All of which, notwithstanding incremental movements, shows that progress by stealth may yet avert the worst kind of smash on January 1.
That’s just as well, isn’t it. When Gove talks of an “Australia-style deal” in the absence of a “Canada-style deal” he misleads on both, whereas Johnson is probably merely ignorant of the details. Tom Bower’s new biography – The Gambler – repeatedly shows the mayor-turned-PM to be under-briefed and uncurious throughout his career, while perversely defending his hero from “Boris Haters”.
From aviation and road haulage to professional qualifications and energy markets, Britain has been asking far more than Canada, a much smaller and more distant EU trading partner. As for Australia, a few weeks ago vapid columnists started writing that Britain has so much in common with the ‘Lucky Country’. Both are islands, English-speaking and democratic, and similar guff. In reality Oz’s economy thrives on extractive industries – coal and rich mineral deposits – and is heavily dependent on China which is cracking the sovereign whip.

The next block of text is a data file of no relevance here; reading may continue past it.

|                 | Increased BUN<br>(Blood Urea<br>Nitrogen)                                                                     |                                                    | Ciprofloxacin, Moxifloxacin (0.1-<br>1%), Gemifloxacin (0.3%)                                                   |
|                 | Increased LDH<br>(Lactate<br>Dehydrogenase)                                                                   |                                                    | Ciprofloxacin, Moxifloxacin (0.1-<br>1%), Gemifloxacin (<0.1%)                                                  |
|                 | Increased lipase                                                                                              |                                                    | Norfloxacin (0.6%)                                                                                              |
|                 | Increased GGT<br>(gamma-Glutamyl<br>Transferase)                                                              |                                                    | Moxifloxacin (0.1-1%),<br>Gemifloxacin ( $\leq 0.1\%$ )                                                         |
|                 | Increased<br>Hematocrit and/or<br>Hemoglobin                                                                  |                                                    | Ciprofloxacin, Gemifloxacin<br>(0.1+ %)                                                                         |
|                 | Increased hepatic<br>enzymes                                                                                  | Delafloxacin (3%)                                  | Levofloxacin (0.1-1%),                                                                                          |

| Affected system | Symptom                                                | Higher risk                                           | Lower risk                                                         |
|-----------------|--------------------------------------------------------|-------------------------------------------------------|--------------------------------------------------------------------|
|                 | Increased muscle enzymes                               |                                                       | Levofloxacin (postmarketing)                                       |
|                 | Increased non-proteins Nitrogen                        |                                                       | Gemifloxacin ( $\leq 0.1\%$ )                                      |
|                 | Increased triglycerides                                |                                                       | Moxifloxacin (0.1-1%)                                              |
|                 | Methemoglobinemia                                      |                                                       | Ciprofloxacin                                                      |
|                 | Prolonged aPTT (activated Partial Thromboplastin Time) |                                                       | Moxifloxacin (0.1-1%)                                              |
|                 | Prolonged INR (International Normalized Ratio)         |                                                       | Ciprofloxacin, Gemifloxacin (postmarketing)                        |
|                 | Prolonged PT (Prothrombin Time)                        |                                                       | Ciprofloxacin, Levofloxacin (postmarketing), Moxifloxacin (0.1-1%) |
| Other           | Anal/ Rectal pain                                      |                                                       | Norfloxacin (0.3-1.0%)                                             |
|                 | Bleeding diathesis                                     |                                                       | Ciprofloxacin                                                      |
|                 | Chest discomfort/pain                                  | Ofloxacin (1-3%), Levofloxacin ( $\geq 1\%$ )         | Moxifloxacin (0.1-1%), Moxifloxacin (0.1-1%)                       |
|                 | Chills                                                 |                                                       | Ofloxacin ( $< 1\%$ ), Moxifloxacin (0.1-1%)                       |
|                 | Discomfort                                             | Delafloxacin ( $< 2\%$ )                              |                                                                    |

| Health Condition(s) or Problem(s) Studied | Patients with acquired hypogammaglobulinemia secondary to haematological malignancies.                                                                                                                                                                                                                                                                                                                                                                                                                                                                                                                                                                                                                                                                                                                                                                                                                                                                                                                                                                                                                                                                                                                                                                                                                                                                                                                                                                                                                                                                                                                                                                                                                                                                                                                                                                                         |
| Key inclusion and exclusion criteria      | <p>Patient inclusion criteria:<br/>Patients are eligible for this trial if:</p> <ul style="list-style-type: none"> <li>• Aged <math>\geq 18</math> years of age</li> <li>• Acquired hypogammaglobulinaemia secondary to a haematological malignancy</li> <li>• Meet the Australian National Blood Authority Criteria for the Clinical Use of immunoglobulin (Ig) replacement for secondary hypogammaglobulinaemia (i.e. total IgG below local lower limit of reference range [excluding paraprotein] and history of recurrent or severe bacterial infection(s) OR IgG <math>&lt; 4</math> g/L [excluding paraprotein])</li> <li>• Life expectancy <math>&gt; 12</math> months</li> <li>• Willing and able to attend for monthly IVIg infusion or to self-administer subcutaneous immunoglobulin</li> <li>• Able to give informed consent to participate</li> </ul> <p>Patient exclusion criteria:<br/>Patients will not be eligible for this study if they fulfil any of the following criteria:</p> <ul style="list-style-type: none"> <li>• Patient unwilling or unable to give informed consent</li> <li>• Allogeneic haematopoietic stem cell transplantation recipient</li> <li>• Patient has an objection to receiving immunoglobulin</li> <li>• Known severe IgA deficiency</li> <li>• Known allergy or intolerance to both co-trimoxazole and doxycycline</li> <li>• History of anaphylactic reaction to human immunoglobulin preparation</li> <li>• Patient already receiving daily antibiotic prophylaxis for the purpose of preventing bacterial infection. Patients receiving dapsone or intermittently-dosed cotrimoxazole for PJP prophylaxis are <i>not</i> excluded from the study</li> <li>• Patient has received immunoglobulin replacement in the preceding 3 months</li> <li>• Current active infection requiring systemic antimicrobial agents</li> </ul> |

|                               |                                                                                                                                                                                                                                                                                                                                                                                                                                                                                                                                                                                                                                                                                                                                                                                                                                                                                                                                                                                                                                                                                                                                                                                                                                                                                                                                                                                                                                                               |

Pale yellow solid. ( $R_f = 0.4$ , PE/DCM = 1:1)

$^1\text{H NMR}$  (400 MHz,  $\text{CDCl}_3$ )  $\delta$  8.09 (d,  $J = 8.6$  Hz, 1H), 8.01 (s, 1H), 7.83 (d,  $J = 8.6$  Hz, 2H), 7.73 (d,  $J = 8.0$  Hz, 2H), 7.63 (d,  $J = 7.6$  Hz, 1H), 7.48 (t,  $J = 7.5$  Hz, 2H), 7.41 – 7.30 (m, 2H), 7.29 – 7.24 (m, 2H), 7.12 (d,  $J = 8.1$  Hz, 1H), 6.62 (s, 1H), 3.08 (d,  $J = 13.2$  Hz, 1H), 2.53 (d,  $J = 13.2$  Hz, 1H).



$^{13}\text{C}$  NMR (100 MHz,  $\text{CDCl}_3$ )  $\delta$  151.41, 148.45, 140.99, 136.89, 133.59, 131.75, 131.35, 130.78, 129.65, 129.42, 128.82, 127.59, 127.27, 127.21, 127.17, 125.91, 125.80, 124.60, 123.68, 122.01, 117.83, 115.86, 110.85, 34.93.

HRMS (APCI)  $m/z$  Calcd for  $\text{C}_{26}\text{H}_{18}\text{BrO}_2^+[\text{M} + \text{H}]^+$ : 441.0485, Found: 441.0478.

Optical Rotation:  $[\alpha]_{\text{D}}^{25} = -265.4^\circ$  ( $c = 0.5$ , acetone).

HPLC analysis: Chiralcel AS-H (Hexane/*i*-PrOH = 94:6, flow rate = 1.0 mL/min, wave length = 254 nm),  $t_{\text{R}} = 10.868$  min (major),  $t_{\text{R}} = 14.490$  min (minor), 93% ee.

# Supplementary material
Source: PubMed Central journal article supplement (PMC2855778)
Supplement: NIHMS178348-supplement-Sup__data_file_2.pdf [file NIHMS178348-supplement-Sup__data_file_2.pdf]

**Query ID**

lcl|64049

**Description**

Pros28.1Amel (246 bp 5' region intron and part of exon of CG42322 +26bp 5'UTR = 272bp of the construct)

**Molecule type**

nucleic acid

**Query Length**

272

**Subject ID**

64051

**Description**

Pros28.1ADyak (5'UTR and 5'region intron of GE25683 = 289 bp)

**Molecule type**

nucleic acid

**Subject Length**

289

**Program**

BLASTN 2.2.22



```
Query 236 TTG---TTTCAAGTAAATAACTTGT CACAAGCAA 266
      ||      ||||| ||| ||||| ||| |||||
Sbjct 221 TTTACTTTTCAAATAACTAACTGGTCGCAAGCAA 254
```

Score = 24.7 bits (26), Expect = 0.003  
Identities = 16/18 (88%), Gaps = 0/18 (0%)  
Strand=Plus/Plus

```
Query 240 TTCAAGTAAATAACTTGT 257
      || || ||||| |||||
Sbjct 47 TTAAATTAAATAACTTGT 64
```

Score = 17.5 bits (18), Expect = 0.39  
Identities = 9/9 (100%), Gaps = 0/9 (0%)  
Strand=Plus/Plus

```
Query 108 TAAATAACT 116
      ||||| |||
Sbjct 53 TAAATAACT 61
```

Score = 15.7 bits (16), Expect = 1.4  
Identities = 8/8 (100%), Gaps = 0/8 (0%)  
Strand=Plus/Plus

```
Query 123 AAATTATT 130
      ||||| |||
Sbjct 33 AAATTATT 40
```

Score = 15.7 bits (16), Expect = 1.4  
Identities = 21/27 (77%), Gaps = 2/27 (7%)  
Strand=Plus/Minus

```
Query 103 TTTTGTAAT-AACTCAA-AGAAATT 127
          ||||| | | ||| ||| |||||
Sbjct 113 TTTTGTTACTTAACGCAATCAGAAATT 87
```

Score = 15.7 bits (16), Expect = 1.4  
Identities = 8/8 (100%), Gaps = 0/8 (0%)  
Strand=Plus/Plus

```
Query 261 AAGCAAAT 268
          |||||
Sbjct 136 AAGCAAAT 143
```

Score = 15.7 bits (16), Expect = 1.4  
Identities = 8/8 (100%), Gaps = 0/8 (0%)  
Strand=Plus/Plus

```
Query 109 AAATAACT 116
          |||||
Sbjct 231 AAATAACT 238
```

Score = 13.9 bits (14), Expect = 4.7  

No wonder that Canberra is trying to improve its trade ties with the EU. Australia’s current arrangements are really a euphemism for a no-deal outcome based on WTO rules – an Afghan-style deal if you like. Or – as Gove’s Labour shadow, Rachel Reeves, put it – “a Narnia deal”. If you’ve forgotten CS Lewis’s Christian allegory, the kids go through the back wall of a wardrobe and enter a magic world where Aslan the noble Lion – not ignoble Boris – is World King.
British business is not keen to go through the back of Gove’s wardrobe. Financier-turned-minister Lord Theodore Agnew enraged real businessmen and industrial sectors by accusing them of having “a head in sand approach” towards post-transition adjustments. As if they hadn’t dealt with two false start dates since 2016, a global pandemic and – now – an ever-moving post-transition map of uncertain scope and intensity. “Is your business ready?” adverts are no substitute for properly staffed and equipped customs facilities at ports on both sides or reliable advice from Whitehall.
When Johnson and Gove staged a “perfunctory” Tuesday call with the CBI and Co Gove likened the transition end to a disruptive house move “to a bigger and better house” – well worth it. Boris called it “a big opportunity”. They left angry and dismayed.